There are millions of personal home pages on the Internet.
Thursday, November 28, 2002
I'm in the process of choosing some kind of name for my web site. So far, I've come up with the name "mere cat," which I like on several levels, not just because I love cats, but because it puns on O'Reilly's "Open Wire Service," Meerkat. The design is awful, of course, and I'm not even sure about the name, but I'll live with it for a while.
We started our Thanksgiving day by sleeping in and then enjoying a breakfast of the world's greatest waffles accompanied by steaming mugs of coffee. I added our waffle recipe to my Food section.
I added a poem I wrote back in 1989 to my Literature section, just so I could add "poet" to my resume. :-)
Wednesday, November 27, 2002
It's a winter wonderland! Almost. A large storm was forecast for last night, bringing rain and the first snow of the season to much of the Northeast. Well, I'm sure the storm was large, but it sure was weak. North of Philadelphia, we received only a dusting and temperatures remained above freezing. Quite a relief, I'm sure, for all those traveling for the Thanksgiving holiday.
Despite having five days of vacation left, I am going in to work today, even though management has already advised everyone that they can leave at noon. It's silly perhaps, but I have an errand to run downtown anyway.
Tonight we will be making our contribution to the holiday feast, an apple pie. I'm in charge of crust construction, and I am planning to deviate a little from my usual routine. I have always used lard as all or part of the shortening to make my pie crusts. A couple weeks ago, we made a pie to take to a church gathering, and I used half lard and half unsalted butter. The crust was disappointing--not very flaky and even a little "doughy" tasting. I think my principal mistake was rolling it too thick. I should have known it wouldn't be good, because the dough was so easy to work with. If you can pick up the crust without it breaking, something's probably wrong! Anyway, I have resolved to use only butter (as most recipes suggest) and roll the crust as thin as I dare.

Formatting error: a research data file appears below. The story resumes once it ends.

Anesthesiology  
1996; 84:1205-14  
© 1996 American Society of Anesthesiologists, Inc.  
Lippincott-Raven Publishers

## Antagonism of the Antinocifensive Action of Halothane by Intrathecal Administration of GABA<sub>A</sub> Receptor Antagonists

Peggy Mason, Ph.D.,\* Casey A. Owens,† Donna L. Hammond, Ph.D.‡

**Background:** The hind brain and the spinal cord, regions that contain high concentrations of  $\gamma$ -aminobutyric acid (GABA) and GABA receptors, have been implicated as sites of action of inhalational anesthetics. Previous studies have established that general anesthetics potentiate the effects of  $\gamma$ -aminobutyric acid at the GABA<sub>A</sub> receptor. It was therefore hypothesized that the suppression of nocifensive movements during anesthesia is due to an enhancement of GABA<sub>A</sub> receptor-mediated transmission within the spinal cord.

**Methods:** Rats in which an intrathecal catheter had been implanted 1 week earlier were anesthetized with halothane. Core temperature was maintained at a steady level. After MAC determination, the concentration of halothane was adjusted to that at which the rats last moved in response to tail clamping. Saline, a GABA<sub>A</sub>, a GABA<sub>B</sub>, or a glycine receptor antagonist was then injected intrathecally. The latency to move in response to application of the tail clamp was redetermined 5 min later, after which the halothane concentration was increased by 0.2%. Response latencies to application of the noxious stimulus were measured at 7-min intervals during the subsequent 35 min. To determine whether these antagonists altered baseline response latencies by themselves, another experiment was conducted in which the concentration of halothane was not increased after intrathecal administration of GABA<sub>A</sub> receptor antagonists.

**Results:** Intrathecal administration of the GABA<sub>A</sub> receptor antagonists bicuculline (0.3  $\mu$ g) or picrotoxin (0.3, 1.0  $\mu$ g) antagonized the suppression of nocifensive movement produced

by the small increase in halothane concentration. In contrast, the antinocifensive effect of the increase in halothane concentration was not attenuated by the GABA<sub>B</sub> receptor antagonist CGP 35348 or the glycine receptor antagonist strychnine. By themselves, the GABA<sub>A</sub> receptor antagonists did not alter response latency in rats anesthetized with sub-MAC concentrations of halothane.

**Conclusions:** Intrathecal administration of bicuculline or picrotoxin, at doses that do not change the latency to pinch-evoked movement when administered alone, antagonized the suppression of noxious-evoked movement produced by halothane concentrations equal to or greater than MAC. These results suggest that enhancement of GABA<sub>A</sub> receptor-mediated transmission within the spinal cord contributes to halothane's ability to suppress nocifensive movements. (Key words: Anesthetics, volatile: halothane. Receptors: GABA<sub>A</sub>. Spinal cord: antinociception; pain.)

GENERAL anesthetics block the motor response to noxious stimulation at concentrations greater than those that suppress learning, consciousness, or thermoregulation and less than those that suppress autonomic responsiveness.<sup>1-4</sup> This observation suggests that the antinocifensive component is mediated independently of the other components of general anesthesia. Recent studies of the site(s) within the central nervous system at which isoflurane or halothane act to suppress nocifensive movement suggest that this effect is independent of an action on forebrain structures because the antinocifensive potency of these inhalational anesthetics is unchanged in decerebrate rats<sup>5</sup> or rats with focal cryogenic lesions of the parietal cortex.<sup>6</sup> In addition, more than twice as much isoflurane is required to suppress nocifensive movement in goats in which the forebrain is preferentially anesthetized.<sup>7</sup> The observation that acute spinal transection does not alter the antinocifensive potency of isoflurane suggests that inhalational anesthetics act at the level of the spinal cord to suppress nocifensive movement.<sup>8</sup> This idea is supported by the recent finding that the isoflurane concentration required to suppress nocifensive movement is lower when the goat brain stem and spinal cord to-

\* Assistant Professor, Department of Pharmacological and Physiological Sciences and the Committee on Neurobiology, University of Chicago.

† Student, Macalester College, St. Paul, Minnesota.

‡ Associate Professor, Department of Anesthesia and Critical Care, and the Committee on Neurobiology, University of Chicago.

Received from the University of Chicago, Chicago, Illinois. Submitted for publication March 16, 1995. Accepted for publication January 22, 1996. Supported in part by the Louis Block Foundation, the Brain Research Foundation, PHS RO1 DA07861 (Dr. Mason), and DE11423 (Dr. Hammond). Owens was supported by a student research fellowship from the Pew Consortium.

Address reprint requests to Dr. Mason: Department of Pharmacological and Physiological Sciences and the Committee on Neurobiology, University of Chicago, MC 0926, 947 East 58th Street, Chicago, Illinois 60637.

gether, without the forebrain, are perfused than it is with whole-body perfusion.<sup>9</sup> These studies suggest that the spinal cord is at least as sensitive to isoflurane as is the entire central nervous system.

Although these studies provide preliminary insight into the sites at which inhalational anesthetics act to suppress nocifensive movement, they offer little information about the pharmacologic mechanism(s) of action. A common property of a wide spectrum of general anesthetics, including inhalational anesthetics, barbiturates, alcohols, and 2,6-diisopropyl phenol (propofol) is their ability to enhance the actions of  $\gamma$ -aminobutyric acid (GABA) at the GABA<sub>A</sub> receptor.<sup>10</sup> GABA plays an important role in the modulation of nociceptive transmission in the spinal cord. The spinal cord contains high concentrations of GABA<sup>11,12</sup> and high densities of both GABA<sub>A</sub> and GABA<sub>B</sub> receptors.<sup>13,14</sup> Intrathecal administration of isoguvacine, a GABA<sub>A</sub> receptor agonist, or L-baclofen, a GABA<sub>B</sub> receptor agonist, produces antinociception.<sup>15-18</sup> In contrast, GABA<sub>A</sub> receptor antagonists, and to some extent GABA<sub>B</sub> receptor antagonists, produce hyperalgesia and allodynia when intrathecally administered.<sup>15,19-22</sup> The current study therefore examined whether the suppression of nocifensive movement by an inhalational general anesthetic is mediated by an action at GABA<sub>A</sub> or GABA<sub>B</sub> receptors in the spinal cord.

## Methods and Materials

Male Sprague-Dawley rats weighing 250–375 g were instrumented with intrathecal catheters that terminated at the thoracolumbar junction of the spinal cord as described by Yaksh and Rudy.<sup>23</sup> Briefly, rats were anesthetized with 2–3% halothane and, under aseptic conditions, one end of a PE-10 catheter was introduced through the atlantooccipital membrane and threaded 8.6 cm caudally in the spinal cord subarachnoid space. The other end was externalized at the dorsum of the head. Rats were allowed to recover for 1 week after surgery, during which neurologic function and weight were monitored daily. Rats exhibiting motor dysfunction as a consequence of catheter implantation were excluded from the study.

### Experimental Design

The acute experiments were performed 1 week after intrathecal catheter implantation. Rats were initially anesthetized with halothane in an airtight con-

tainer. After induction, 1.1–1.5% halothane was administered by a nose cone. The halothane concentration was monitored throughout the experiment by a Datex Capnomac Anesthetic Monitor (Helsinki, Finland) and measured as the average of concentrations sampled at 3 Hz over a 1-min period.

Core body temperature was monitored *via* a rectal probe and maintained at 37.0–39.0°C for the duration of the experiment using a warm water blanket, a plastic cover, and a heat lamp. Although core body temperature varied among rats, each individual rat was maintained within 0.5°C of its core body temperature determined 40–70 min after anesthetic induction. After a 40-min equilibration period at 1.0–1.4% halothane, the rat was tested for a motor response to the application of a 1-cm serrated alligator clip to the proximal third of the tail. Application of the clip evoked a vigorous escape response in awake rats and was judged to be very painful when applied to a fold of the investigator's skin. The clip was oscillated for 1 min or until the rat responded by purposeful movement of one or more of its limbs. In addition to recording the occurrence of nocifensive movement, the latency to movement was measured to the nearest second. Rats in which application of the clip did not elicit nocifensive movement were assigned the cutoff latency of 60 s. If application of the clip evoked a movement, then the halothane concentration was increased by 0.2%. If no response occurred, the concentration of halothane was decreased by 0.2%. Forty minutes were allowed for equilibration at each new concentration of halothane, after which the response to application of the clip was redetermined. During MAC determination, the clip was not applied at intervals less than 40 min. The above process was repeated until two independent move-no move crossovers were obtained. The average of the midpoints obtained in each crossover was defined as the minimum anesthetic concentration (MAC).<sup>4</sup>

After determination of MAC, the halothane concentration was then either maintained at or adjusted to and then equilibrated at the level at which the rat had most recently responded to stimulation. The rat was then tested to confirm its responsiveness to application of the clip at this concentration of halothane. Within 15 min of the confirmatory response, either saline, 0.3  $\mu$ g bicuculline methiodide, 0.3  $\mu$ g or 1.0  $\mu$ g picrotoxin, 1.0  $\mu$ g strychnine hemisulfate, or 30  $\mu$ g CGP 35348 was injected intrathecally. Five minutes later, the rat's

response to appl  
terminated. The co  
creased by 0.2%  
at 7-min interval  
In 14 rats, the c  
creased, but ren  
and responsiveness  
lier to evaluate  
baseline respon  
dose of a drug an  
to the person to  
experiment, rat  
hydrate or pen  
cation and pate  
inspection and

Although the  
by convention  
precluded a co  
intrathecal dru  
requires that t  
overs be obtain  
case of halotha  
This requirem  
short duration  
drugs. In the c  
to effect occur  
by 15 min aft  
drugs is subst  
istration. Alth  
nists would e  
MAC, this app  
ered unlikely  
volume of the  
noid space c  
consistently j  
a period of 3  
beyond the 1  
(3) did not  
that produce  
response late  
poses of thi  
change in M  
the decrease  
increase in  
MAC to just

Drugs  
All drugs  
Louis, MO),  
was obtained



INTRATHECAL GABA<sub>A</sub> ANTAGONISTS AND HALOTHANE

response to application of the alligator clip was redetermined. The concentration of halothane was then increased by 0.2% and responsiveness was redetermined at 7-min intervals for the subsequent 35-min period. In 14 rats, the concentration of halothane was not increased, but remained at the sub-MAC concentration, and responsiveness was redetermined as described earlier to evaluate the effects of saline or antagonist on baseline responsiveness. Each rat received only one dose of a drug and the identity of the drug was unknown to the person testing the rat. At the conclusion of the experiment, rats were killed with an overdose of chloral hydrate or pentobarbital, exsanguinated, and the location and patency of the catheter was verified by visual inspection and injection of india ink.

I would also like to take this opportunity to wish all my reader (that's right, I think there's only one) a safe and joyous Thanksgiving holiday!
Tuesday, November 26, 2002
Tonight I worked up enough nerve to mix up a batch of patching plaster and finish a repair I had started over the weekend. When I had my house re-sided, there were a number of holes in the walls for air conditioners that I had covered over. On the inside walls, the contractor had framed in the holes and covered each with a piece of drywall. The problem is that the drywall patch was far from flush with the surrounding wall, so I had to use shims and a thinner piece of drywall to get a smooth finish. I taped the seams and then applied patching plaster to the edges to begin filling in the gaps. Although this was my first experience with plaster, it went pretty well, although the job will need several coats before it's finished.